Author: Sjon Hartman 1,2
1 Plant Ecophysiology, Institute of Environmental Biology, Utrecht University, Padualaan 8, 3584 CH, Utrecht, The Netherlands
2 Corresponding author contact: firstname.lastname@example.org
Even moderate droughts can greatly limit plant performance and reduce agricultural yield. Plants have evolved a wide range of traits to acclimate to drought (Yordanov et al., 2000), and enhancing these traits could improve drought tolerance in crops. One promising trait is the formation of the so-called ‘rhizosheath’ under drought. The rhizosheath is the soil that remains strongly attached to the root upon excavation. This protective layer enhances water and nutrient uptake by maintaining direct contact between the root and the soil (Brown et al., 2017). Rhizosheath formation occurs on the roots of many but not all angiosperms and is associated with several factors, including: root hairs, root and microbial mucilage, and the surrounding microorganisms (Brown et al., 2017). Rhizosheath production is enhanced by drought, but the mechanism by which this occurs remains elusive.
In this issue of Plant Physiology, Zhang et al. (2020) explore rhizosheath formation in rice (Oryza sativa L.). Using a transcriptomics approach, the authors found that moderate drought strongly enhanced ethylene signaling in the roots. Interestingly, ethylene is known to reduce primary root growth but promote root hair formation in many plant species (Dolan, 2001). Therefore, longer root hairs could contribute to rhizosheath formation under moderate drought stress by enhancing anchorage of the surrounding soil particles. The study by Zhang et al. (2020) opens up possibilities to unravel how this ethylene signal is generated and whether it is indeed required for rhizosheath establishment. Since ethylene is a gaseous phytohormone, ethylene signals are readily transmitted between cells, especially when the gas is trapped within plant tissues (Sasidharan et al., 2018). Due to restricted gas diffusion, this ethylene entrapment typically occurs in roots that experience flooding or high soil compaction (Hussain et al., 1999; Sasidharan et al., 2018). Interestingly, Zhang et al. (2020) show that ethylene signaling is increased in roots grown in drier soils compared to waterlogged roots. It is plausible that ethylene would also accumulate in rhizosheath-encased roots through reduced gas diffusion similarly to compacted soils (Hussain et al., 1999), but it would place ethylene signaling downstream of rhizosheath formation. Alternatively, ethylene signaling could be switched on in response to drought through crosstalk with other phytohormones or enhanced ethylene production (Sharp, 2002; Hopper et al., 2016). To follow up Zhang et al. (2020), future experiments could examine an ethylene insensitive rice mutant to address whether ethylene signaling during drought is indeed required for rhizosheath formation (Ma et al., 2013).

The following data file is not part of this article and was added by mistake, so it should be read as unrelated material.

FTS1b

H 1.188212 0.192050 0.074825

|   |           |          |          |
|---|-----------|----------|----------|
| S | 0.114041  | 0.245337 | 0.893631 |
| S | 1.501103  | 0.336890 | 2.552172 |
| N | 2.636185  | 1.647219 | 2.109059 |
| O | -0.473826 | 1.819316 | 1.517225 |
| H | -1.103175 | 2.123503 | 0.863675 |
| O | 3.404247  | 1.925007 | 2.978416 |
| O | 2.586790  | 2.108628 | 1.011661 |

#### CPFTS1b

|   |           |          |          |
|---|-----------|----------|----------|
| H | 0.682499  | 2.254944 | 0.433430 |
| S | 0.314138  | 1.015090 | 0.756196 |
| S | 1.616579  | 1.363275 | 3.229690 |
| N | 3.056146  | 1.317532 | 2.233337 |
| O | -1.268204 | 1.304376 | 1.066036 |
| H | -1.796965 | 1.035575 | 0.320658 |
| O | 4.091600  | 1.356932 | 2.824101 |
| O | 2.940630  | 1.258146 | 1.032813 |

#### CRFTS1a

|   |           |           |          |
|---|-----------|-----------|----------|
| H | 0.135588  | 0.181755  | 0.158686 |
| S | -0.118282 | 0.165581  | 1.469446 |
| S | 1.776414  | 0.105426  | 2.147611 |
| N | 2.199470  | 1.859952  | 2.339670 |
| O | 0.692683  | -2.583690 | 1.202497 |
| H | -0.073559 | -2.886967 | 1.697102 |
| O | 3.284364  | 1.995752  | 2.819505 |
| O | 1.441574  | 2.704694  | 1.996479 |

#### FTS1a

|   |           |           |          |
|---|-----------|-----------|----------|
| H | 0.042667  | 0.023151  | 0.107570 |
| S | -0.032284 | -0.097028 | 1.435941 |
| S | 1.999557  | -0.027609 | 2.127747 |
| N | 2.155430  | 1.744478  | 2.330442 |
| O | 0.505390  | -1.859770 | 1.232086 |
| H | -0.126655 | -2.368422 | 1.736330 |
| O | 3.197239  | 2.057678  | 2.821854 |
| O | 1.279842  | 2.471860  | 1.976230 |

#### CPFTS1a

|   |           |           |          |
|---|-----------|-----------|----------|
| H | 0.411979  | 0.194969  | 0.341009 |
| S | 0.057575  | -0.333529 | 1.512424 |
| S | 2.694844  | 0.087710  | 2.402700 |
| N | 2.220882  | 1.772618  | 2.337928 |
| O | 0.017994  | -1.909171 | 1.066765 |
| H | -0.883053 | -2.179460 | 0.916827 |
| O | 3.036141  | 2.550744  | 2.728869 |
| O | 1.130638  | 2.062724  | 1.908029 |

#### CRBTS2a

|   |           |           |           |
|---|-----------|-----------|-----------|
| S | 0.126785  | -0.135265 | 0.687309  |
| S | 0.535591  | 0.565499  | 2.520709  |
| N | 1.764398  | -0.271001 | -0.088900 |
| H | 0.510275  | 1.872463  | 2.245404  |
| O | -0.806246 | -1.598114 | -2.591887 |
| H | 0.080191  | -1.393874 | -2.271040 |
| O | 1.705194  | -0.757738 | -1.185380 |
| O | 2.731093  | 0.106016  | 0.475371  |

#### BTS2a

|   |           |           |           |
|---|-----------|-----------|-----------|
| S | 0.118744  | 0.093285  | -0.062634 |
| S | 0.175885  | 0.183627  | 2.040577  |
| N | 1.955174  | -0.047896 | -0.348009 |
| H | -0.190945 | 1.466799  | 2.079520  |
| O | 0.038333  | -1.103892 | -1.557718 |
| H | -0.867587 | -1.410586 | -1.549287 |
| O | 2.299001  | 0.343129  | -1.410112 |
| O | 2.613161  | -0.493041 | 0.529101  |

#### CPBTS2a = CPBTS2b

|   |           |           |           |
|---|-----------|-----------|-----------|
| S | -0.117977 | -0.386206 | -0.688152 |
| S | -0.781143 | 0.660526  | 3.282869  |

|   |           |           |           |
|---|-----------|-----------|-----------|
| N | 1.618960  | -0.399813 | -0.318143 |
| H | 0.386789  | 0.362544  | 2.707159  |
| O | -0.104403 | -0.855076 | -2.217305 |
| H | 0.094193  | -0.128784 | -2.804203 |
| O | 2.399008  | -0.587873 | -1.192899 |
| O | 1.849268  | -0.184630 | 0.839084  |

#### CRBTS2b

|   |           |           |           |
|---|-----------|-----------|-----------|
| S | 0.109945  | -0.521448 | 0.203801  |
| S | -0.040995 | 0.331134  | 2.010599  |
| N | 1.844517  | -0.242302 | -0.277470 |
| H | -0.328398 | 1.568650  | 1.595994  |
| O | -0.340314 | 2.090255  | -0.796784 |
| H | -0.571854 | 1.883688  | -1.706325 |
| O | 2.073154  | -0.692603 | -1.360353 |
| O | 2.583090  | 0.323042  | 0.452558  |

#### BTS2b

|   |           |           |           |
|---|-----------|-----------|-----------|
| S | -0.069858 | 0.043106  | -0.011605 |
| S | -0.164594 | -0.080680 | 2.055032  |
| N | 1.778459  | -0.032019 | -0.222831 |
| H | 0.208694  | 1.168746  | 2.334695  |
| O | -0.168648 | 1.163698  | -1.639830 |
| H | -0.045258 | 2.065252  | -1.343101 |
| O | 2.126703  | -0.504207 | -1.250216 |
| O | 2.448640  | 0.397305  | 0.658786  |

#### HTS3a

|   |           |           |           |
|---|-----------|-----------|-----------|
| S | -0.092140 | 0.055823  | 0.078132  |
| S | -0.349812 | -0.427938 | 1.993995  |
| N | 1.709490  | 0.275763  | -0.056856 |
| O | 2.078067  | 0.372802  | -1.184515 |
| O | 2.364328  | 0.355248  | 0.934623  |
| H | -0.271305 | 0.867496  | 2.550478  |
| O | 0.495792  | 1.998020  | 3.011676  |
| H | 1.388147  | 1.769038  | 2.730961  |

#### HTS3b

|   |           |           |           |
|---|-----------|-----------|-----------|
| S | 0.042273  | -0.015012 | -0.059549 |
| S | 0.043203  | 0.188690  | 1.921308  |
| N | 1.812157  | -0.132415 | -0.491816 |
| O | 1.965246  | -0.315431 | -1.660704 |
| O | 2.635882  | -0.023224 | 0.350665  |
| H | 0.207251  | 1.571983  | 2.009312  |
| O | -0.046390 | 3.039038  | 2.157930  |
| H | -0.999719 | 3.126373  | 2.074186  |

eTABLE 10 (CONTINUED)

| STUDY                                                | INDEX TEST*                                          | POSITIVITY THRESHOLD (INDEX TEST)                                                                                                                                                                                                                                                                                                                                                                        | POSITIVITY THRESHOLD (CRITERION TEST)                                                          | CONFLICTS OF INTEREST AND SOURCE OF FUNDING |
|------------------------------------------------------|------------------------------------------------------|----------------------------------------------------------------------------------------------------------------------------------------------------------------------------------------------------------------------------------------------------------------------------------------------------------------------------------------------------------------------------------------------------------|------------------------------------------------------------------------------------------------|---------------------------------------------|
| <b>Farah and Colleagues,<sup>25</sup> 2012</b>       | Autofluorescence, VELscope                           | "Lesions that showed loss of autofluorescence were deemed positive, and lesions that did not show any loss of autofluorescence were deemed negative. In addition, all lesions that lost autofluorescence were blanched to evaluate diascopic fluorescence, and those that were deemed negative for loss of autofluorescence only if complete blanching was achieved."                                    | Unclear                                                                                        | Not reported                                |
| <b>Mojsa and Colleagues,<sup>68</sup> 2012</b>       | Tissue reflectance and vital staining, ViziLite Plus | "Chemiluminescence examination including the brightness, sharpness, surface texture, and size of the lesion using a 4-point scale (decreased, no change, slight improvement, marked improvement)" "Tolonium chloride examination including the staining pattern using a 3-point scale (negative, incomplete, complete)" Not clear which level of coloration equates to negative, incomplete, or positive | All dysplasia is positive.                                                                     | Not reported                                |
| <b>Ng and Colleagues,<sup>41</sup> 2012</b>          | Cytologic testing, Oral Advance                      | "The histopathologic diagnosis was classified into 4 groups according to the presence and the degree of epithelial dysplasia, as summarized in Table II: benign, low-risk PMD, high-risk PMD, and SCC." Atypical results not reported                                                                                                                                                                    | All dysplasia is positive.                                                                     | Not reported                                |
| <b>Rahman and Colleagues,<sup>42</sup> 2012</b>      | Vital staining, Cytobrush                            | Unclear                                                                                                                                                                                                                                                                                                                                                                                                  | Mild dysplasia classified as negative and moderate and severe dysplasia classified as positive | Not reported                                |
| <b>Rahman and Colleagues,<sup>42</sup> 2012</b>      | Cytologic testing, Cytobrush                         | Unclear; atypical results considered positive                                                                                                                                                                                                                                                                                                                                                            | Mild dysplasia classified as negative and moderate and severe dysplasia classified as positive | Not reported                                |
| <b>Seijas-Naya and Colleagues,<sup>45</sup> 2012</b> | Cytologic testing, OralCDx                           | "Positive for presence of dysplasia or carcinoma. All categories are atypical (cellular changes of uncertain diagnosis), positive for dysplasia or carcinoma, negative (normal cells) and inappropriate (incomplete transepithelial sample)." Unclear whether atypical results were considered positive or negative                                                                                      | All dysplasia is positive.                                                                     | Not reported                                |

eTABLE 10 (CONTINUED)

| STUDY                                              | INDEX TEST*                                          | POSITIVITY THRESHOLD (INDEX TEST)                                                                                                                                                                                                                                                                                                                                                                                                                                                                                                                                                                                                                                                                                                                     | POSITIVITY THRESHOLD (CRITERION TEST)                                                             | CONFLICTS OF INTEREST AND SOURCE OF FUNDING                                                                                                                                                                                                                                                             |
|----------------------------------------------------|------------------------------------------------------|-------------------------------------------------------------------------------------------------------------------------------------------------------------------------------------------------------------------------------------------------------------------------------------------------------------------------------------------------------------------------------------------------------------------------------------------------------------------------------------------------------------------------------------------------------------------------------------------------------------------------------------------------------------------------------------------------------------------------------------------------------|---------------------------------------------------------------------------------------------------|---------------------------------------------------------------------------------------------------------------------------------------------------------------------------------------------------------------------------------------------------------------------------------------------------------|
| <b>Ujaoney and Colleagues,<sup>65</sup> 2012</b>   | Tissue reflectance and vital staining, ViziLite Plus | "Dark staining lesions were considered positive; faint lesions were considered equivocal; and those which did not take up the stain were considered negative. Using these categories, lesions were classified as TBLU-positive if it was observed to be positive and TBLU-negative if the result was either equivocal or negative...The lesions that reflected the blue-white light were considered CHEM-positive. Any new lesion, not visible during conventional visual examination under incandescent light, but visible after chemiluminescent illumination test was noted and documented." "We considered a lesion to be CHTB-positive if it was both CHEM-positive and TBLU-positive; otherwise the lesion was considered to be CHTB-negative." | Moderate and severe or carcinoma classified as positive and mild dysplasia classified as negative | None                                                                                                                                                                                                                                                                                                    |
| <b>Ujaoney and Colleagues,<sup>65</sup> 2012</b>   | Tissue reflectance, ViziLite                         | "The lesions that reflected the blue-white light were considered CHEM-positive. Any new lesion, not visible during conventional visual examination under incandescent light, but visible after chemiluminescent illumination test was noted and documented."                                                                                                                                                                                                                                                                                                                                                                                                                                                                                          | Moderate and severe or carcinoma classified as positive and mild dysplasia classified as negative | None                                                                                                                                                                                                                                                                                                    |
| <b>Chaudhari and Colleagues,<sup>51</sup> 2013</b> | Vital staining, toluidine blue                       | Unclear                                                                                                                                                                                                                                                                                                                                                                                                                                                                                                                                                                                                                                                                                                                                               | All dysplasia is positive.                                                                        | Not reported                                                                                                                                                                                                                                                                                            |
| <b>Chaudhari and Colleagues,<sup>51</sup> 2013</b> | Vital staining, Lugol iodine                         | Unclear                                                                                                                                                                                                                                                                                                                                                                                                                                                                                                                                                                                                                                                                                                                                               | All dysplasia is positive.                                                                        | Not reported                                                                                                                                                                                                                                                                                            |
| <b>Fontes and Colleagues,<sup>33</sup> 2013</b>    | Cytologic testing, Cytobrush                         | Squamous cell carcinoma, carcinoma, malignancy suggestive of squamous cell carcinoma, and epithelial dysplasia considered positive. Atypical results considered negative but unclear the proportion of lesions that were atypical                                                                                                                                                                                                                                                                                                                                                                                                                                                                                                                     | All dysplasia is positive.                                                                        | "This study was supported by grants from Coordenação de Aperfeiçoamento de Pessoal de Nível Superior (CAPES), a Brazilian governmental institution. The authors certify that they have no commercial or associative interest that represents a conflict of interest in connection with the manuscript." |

Zhang et al. (2020) also analyzed the bacterial composition of the rhizosheath and found that drought led to an enrichment of plant growth-promoting Enterobacteriaceae rhizobacteria. The authors isolated several bacterial strains and found that many Enterobacteriaceae bacteria showed high 1-aminocyclopropane-1-carboxylic acid (ACC) deaminase activity. Since ACC is a precursor of ethylene, ACC deaminase-containing bacteria can reduce ethylene-mediated plant responses and promote growth during environmental stress (Ravanbakhsh et al., 2017). Interestingly, this high ACC deaminase activity of the rhizosheath Enterobacteriaceae bacteria appears to be at odds with the observed enhanced ethylene signaling in the roots. However, inoculation of dry soils with wild type Enterobacter aerogenes resulted in increased rhizosheath formation while inoculation with an ACC deaminase-deficient mutant strain did not (Zhang et al., 2020). The authors thereby confirmed that the ACC deaminase activity is indeed crucial for enhanced rhizosheath formation during drought.
How does bacterial-produced ACC deaminase contribute to enhanced rhizosheath formation and alleviate drought stress? One explanation could be that an initial ethylene signal upon drought is generated which increases root hair development and subsequent rhizosheath formation, but also temporarily limits primary root growth. Once this rhizosheath is established, the ACC deaminase-activity of the rhizosheath-colonized bacteria could lift the ethylene-impaired root growth and restore plant growth. Taken together, the results produced by Zhang et al. (2020) suggest that modulation of ethylene levels by root-colonizing bacteria contributes to enhanced rhizosheath formation during moderate drought stress. In the future it may be worthwhile to study the spatial and temporal dynamics of ACC and ethylene levels during rhizosheath formation, to uncover potential interaction effects. Revealing this interaction between a rhizosheath-forming plant species and its microbial partners could be pivotal in promoting rhizosheath formation in non-rhizosheath forming plants, with the aim to enhance drought tolerance.
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